Photo caption: Residents of long-term care facilities in Canada have been disproportionately affected by COVID-19 due to a dysfunctional care system and a lack of action to combat the spread of infection.
To date, a staggering 81 per cent of COVID-19 deaths in Canada are attributable to long-term care facilities. This not only reflects the way we knew COVID-19 could ravage the elderly, but also reveals a care system in shambles, to which eyes have been long averted.
The devastation COVID-19 could inflict on residents of long-term care facilities should not have been surprising, given the vulnerability of older populations to the virus. Alarming fatality rates had already been reported at outbreaks in other care facilities such as in Wuhan, China.
Canada’s first outbreak in a long-term care facility came in early March in British Columbia. Swift measures were taken to reduce the spread of the virus by providing adequate personal protective equipment to staff. Measures were taken to reduce the number of healthcare providers working in multiple facilities, a circumstance known to exacerbate transmission. Due to decisive action, COVID-19 deaths in long-term care facilities in British Columbia remain relatively low, numbered at 115 as of June 11th.
Other provinces have fared far worse. Quebec and Ontario were slow to instruct care facility workers not to work at multiple care homes. By then, the crisis was well underway. Officials focused on making sure hospitals had the resources they needed to combat the flood of cases expected to require hospitalization or critical care. Meanwhile, lack of action in long-term care facilities in Ontario and Quebec resulted in needlessly high death tolls.
Quebec has seen more than 2,500 deaths in long-term care facilities and Ontario 1,500. At least 273 homes in Quebec have seen outbreaks to date, along with at least 300 homes in Ontario. In response to the provinces’ pleas for help, more than 1,600 members of the Canadian Armed Forces were dispatched to long-term care facilities throughout the two provinces in order to curb an ultimately avoidable crisis that has been years in the making.
For many family members, the pain of bereavement has been met with the unknowable question of whether there was peace in the passing of their loved ones. Recent military reports in Ontario homes of neglect of and aggression toward residents, as well as of residents having been heard crying out for help for hours and found left in soiled diapers. These reports have led to inquiries into COVID-19 deaths in these homes and the seizing of control of five Ontario facilities by the government.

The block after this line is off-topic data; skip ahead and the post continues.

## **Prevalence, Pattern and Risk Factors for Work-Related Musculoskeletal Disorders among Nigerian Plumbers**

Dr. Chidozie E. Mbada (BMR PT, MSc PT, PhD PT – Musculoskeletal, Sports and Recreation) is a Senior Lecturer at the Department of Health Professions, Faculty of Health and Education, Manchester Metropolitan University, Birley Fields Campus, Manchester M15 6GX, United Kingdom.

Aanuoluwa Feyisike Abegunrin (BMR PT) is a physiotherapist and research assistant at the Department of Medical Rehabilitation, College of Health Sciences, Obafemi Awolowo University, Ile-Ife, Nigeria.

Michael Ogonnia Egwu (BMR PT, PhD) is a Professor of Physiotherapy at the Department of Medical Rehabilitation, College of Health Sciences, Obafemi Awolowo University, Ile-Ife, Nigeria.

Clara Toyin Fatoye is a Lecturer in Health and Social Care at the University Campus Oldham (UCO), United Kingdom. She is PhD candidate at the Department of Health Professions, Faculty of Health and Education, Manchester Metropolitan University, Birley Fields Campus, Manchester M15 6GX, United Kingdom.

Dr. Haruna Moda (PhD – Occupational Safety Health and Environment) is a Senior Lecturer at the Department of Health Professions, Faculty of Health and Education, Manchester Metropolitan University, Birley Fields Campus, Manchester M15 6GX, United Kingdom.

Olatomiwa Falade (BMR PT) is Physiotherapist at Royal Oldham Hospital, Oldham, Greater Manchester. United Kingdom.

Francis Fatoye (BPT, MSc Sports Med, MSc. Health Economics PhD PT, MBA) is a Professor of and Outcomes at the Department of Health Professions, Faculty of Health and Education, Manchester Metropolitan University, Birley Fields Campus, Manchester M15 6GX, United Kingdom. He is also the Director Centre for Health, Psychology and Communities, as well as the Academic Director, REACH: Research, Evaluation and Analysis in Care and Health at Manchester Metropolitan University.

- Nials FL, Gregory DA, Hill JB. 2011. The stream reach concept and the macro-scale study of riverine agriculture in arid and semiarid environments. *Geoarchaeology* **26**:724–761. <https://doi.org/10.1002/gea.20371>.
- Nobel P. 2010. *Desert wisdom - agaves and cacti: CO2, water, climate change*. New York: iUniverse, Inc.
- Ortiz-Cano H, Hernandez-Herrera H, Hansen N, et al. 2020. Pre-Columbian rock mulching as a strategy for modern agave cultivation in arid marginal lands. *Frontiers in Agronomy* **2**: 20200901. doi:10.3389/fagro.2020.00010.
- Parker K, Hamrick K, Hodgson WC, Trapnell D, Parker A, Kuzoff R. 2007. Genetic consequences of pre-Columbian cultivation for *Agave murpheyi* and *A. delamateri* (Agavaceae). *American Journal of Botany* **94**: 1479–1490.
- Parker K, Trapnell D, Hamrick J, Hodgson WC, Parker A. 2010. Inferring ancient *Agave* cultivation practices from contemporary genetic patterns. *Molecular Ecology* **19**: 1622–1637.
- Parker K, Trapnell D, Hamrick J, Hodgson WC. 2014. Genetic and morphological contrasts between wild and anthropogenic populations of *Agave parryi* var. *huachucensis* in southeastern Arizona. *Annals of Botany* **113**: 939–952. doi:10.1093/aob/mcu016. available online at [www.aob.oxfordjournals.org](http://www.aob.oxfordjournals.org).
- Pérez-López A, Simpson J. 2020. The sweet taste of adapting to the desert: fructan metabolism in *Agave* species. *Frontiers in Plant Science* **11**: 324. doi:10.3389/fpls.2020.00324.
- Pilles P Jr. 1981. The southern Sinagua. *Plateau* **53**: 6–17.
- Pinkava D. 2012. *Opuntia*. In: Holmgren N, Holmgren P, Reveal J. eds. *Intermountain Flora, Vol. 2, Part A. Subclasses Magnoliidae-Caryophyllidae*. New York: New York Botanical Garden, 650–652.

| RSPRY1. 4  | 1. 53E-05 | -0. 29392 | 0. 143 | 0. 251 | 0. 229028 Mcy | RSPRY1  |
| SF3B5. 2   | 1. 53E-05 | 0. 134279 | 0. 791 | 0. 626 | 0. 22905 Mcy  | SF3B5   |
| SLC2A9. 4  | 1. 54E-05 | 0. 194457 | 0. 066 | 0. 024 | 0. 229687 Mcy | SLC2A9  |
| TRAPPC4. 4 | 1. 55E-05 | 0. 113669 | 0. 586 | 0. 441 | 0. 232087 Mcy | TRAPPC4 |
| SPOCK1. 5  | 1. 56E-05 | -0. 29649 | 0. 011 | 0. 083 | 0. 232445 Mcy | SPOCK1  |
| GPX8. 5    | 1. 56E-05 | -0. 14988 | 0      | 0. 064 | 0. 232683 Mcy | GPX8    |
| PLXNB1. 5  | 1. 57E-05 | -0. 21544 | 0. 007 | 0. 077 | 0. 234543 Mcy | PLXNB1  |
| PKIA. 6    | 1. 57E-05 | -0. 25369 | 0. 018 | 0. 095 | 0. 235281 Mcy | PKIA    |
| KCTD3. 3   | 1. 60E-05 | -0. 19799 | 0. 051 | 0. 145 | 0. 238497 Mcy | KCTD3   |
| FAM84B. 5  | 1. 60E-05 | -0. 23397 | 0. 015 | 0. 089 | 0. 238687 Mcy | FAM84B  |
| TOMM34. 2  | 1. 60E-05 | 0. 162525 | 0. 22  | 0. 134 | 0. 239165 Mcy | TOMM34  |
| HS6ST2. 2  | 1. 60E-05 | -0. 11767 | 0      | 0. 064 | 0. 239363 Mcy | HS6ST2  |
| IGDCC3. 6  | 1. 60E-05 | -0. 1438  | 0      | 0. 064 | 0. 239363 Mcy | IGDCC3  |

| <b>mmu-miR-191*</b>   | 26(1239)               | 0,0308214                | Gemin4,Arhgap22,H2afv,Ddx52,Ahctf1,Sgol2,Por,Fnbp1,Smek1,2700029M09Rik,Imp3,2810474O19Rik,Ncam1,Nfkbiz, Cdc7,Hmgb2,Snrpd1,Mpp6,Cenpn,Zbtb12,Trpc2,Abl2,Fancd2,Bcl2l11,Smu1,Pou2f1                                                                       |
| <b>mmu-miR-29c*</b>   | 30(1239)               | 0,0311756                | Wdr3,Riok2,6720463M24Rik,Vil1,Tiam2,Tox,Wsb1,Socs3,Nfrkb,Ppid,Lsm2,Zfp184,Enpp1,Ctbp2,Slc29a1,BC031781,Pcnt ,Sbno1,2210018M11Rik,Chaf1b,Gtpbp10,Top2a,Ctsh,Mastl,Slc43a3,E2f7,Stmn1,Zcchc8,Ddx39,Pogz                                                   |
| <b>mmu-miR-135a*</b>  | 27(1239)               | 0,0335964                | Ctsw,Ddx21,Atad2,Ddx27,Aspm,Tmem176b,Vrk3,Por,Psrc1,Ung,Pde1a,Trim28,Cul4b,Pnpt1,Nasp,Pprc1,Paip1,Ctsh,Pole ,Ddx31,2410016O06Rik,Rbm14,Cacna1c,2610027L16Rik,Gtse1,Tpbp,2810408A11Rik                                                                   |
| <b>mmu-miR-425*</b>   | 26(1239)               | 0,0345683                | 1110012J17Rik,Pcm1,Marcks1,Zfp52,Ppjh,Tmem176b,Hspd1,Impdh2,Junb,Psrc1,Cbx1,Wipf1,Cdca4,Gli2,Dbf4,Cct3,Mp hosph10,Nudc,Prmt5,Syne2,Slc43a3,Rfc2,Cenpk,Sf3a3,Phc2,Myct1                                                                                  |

It was a deeply flawed system rife with vulnerabilities, needing only a simple trigger to topple the initial domino in a deadly cascade. Long-term care facilities with old infrastructure, limited capacity for social distancing, and a high level of contact between the residents, health care providers, and visiting family, were from the outset not in a position to effectively handle a viral pandemic. Many health care providers were also working at multiple facilities and being paid low wages with few benefits and no sick pay, directly contributing to the surge in cases.
Changes to the care system have been promised, though few have been implemented. Low rates of facility inspection, a lack of care standards, and poor working conditions have ultimately exacerbated neglect. COVID-19, coupled to a shocking lack of response given numerous warning signs, opened a concealed crack in a care system into a chasm into which the innocent elderly fell.
While British Columbia has been better able to mitigate the spread of infection, three care homes have also been placed under the jurisdiction of the provincial government due to insufficient care.
At the least, residents of long-term care facilities should be able to pass the remainder of their years with care and a consideration of their dignity. We cannot know just how many of our elderly were stripped of the respect and attentiveness owed them as members of a society, and, more fundamentally, as members of humanity.
It is an injustice that a virus long warned to most severely afflict the elderly should have been allowed to spread disproportionately through their care homes. For all of the damage the pandemic has precipitated, longstanding inaction gave way to preventable tragedy.
By: Natalie Workewych
Natalie is a PhD Student studying Pharmacology at the University of Toronto. Her academic background includes an undergraduate degree in Biochemistry and Pharmacology. She hopes to encourage ideas through writing, and bring thoughts on science to anyone the least bit curious.